I wasn’t going to read Sky Gilbert’s latest novel, Sad Old Faggot, until a friend said, “It’s awful,” and giggled. I wasn’t disappointed. From the in-your-face title to the endless jibes at celebrities and gay culture, it’s a very funny book. Inspired by a raft of semi-autobiographical fiction (see Sheila Heti), a very lightly fictionalized Gilbert rabbits on about his super-sad life as a 62-year-old gay man. Being a slut has always been part of his identity and now, well now he’s not so sure. And so we get a lot of stuff about his cock and his ass and his very sad sex life, and it might easily be seen as a case of way too much information, except that it’s funny and cutting and anyone who has been out for more than a few seconds will recognize some of the highlights. Dirty assholes and Daddy worshippers, it’s all here, and all delivered in a garrulous, chatty style that’s blessedly free of literary angst.
Things get a little weird in the final third of the book when he goes off on an almost Hollywood-style quest to find his true gay father, not least because the childhood reminiscences the search occasions are almost too charming. After chapters of very satisfying, true-to-life whining, it’s a bit jarring. And then in the very final pages, he gets all defensive about his relationship and how real it is and solid and important, despite the fact that he’s already established this in an earlier chapter and I think most readers would just take his word for it. As usual, Gilbert’s greatest weakness seems to be a beleaguered defensiveness that can cause you to shake your head in amazement. The guy co-founded one of the first gay theatres in Canada and has written 30-odd plays, so why is he so insecure? Still, he’s got verve and energy and he’s a winning guide to the vagaries of gay life. Who else is going to tell an “old ugly guy” how to get laid? (Hint: persistence.) Buy it for the cringe-making revelations, stay for the laughs.
Gregory Woods, author of Homintern: How Gay Culture Liberated the Modern World, has posted his Top 10 landmarks in gay and lesbian literature on the Guardian site. No Forster, Isherwood, Vidal or White, but still a very interesting list. I’ll have to give No. 4, Rosamond Lehmann’s Dusty Answer, a try. It’s sitting unread on the shelf.
I read a terrific gay short story by Colm Tóibín and wondered why it hadn’t been published in The New Yorker. He must be one of the best short story writers on the planet and some of his other works have appeared there. But I realized as I was reading “The Pearl Fishers” that it was far more sexual than most of his other work, describing rimming and cock sucking and priests wanting to “stuff” their penises up church boys’ bums, and also that I’d never read a frank description of sex in the pages of The New Yorker. Not sex of any kind, gay or straight. Decades after William Shawn, his influence lingers on.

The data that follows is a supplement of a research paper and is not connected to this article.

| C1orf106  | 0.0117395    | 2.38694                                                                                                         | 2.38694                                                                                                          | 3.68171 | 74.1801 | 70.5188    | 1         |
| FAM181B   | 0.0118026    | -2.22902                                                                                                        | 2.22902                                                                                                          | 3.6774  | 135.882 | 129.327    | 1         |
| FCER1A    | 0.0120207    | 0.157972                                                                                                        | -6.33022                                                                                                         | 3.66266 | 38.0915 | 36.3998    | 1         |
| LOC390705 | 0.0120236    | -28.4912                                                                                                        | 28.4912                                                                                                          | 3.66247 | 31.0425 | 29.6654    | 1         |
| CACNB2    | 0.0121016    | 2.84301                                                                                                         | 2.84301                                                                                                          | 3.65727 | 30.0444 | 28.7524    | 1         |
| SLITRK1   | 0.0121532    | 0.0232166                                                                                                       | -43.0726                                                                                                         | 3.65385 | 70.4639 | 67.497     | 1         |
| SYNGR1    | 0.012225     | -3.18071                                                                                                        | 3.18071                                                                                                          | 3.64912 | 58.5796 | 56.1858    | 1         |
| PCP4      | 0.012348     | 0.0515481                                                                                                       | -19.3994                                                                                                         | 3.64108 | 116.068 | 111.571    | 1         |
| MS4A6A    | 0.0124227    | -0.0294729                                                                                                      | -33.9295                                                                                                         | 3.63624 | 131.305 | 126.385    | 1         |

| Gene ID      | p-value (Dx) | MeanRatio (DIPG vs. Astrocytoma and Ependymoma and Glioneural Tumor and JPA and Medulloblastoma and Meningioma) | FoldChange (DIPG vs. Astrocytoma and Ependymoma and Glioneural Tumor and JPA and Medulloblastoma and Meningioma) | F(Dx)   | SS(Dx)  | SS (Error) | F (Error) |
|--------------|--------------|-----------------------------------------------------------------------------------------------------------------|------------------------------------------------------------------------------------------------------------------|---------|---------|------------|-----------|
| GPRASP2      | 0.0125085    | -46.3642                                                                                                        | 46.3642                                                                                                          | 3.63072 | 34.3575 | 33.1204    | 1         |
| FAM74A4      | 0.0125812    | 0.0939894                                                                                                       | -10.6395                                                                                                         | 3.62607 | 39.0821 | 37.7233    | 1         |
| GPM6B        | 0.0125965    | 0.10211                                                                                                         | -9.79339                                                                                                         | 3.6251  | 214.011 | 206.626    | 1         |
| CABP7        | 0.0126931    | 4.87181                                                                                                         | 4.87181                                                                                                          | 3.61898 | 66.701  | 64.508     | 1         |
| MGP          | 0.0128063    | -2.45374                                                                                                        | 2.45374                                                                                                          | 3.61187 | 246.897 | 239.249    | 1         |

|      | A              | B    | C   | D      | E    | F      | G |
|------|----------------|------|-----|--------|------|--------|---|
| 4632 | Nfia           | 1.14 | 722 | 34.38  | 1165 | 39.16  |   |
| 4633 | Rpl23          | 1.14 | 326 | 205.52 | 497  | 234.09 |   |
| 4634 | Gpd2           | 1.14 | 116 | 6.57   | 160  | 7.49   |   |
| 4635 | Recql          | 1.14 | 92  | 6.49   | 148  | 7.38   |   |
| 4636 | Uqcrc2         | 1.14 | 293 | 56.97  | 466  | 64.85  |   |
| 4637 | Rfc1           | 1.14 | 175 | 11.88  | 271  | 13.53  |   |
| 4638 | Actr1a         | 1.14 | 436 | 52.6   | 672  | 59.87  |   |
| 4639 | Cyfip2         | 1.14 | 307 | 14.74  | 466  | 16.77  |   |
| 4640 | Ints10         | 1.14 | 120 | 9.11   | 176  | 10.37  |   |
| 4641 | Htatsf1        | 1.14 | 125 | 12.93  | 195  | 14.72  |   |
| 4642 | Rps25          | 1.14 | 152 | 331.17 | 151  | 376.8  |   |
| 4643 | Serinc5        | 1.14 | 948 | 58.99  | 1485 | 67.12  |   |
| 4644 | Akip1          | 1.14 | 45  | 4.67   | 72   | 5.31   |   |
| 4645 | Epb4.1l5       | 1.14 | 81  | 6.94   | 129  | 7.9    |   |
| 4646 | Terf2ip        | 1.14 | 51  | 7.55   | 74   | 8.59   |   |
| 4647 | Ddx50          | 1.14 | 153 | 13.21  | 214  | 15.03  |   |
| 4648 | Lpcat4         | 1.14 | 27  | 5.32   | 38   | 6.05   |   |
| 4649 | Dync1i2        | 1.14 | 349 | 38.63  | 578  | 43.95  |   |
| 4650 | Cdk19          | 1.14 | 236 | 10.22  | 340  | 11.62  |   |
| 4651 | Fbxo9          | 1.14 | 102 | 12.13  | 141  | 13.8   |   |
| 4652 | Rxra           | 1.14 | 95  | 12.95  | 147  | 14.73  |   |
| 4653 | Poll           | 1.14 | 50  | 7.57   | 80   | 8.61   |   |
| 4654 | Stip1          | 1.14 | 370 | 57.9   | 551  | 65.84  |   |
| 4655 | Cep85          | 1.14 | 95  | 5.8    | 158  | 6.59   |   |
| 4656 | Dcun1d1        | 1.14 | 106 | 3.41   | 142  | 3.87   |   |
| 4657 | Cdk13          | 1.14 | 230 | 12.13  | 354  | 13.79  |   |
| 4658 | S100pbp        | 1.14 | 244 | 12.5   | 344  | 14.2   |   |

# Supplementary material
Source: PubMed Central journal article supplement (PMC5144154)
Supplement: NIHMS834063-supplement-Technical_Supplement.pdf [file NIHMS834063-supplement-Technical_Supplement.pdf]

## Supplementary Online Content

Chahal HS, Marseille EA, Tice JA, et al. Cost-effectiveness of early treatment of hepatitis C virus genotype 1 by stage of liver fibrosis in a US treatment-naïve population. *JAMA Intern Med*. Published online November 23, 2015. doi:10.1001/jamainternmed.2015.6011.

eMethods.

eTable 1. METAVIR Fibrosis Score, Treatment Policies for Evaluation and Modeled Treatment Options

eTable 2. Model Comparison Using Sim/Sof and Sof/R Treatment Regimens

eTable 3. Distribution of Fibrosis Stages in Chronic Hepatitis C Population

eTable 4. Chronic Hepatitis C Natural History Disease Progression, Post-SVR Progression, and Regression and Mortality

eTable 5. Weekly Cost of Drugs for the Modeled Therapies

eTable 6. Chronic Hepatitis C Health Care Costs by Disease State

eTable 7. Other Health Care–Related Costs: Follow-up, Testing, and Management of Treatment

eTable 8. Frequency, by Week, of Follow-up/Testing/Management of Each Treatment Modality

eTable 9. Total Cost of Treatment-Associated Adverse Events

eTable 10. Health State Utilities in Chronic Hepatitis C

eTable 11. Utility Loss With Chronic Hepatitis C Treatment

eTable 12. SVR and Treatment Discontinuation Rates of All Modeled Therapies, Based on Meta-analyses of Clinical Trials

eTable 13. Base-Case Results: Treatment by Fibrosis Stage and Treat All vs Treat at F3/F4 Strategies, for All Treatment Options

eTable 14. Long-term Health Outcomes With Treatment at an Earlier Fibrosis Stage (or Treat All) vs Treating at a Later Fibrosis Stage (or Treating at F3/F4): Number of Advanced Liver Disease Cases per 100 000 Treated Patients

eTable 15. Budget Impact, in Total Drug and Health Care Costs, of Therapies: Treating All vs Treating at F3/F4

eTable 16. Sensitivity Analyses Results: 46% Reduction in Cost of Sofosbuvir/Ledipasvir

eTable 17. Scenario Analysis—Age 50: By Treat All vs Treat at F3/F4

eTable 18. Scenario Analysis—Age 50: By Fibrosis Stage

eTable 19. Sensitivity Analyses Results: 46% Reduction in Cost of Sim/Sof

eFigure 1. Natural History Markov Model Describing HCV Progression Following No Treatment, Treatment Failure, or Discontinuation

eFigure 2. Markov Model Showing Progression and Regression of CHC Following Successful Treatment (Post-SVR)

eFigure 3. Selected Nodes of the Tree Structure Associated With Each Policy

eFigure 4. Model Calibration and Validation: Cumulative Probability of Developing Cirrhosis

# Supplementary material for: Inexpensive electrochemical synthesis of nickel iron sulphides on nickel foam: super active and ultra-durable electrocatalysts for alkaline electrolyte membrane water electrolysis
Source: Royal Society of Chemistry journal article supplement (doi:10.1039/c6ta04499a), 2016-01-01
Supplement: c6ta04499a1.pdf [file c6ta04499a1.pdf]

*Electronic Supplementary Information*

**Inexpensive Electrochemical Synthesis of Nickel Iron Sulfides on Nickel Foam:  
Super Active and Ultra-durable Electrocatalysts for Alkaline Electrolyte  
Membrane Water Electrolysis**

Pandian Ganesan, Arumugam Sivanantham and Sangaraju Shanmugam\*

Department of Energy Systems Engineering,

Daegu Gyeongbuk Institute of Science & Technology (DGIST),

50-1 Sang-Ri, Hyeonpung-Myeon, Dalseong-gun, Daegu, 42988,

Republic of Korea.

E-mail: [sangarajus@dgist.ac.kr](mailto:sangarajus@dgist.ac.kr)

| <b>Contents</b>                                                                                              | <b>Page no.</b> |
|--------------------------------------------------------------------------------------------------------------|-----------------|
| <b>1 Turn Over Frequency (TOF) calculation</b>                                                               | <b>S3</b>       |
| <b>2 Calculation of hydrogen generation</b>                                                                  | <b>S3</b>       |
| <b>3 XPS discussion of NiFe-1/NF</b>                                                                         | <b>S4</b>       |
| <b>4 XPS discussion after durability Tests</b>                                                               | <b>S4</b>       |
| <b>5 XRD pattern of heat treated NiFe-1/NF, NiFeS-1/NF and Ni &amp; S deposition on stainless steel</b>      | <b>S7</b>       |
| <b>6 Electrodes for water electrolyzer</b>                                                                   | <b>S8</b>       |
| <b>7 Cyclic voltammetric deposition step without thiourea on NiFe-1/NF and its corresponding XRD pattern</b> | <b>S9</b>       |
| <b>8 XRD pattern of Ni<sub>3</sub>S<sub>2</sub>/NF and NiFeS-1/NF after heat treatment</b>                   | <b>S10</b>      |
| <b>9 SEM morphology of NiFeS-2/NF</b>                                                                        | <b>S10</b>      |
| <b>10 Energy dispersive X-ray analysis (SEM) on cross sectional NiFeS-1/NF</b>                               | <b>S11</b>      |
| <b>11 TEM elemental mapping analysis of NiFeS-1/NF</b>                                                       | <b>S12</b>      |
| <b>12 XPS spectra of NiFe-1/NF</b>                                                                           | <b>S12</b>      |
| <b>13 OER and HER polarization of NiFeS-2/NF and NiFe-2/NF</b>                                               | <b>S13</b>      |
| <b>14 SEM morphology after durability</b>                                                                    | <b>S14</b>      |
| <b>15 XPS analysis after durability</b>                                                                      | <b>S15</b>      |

Interesting piece on Stanford historian Paul Robinson. He didn’t come out to colleagues until 1982 but now writes and teaches gay culture. He published Gay Lives: Homosexual Autobiography from John Addington Symonds to Paul Monette in 1999 and started teaching a freshman seminar on gay autobiography in 2000. Robinson is not the only Stanford academic to expand the reach and sweep of gay life. Art historian Richard Meyer co-authored last year’s big gay coffee-table book, Art and Queer Culture, more than 400 image-heavy pages on everything from San Francisco street scenes to Charles Demuth’s fabulous Dancing Sailors (1917).
Novelist Caleb Crain asks how gay can a gay novel be and still succeed and the answer seems to be: Not very. After a brief heyday in the 1980s and 1990s, the gay novel has fallen into decline. There aren’t enough gay readers to support it and straight readers tend to be squeamish about gay sex. It was worse in the past, of course. Some of the most telling and touching parts of Crain’s essay concern the changes forced on J.R. Ackerley’s 1960 novel, We Think the World of You. The tale of two men and a dog, the novel is tame by today’s standards but it still freaked Ackerley’s publisher who demanded cuts to innocuous phrases like “I kissed him.” Risible though they were, the cuts changed the tone and meaning of key scenes, and robbed the novel of tenderness. The cuts were restored in the most recent edition of the novel, but the lesson remains: our love can disappear on a whim.
The irony, for an article on gay visibility, is that Crain’s essay is not itself terribly visible. Posted in the New Yorker’s Page-Turner blog, it’s available on-line, but not in the more prestigious print edition, where his own first novel, Necessary Errors, was lavishly praised only last September.